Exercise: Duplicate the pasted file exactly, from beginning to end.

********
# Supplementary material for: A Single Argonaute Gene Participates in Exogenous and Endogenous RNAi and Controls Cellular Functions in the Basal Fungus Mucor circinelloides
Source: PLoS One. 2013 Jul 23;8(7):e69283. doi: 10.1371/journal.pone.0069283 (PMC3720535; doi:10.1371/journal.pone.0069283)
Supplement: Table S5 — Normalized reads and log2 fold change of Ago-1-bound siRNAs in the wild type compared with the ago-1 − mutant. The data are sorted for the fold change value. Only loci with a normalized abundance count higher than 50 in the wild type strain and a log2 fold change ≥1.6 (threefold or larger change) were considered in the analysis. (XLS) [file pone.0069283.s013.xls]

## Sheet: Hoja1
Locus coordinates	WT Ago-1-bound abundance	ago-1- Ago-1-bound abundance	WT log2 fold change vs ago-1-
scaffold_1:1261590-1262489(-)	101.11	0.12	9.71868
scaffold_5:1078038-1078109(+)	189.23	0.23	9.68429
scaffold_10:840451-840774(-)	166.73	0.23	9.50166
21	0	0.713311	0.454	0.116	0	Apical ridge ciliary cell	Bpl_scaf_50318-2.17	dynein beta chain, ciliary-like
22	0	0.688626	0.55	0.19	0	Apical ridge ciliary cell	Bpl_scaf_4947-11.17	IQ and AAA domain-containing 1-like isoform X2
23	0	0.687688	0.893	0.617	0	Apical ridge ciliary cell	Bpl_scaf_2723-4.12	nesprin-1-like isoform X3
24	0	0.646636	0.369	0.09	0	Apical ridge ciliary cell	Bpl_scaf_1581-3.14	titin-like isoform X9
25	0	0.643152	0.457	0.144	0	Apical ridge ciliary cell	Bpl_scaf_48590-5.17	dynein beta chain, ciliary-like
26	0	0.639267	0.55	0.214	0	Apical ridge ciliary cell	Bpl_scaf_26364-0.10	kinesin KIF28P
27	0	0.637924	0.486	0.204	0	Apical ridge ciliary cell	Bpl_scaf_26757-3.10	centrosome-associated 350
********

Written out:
# Supplementary material for: A Single Argonaute Gene Participates in Exogenous and Endogenous RNAi and Controls Cellular Functions in the Basal Fungus Mucor circinelloides
Source: PLoS One. 2013 Jul 23;8(7):e69283. doi: 10.1371/journal.pone.0069283 (PMC3720535; doi:10.1371/journal.pone.0069283)
Supplement: Table S5 — Normalized reads and log2 fold change of Ago-1-bound siRNAs in the wild type compared with the ago-1 − mutant. The data are sorted for the fold change value. Only loci with a normalized abundance count higher than 50 in the wild type strain and a log2 fold change ≥1.6 (threefold or larger change) were considered in the analysis. (XLS) [file pone.0069283.s013.xls]

## Sheet: Hoja1
Locus coordinates	WT Ago-1-bound abundance	ago-1- Ago-1-bound abundance	WT log2 fold change vs ago-1-
scaffold_1:1261590-1262489(-)	101.11	0.12	9.71868
scaffold_5:1078038-1078109(+)	189.23	0.23	9.68429
scaffold_10:840451-840774(-)	166.73	0.23	9.50166
21	0	0.713311	0.454	0.116	0	Apical ridge ciliary cell	Bpl_scaf_50318-2.17	dynein beta chain, ciliary-like
22	0	0.688626	0.55	0.19	0	Apical ridge ciliary cell	Bpl_scaf_4947-11.17	IQ and AAA domain-containing 1-like isoform X2
23	0	0.687688	0.893	0.617	0	Apical ridge ciliary cell	Bpl_scaf_2723-4.12	nesprin-1-like isoform X3
24	0	0.646636	0.369	0.09	0	Apical ridge ciliary cell	Bpl_scaf_1581-3.14	titin-like isoform X9
25	0	0.643152	0.457	0.144	0	Apical ridge ciliary cell	Bpl_scaf_48590-5.17	dynein beta chain, ciliary-like
26	0	0.639267	0.55	0.214	0	Apical ridge ciliary cell	Bpl_scaf_26364-0.10	kinesin KIF28P
27	0	0.637924	0.486	0.204	0	Apical ridge ciliary cell	Bpl_scaf_26757-3.10	centrosome-associated 350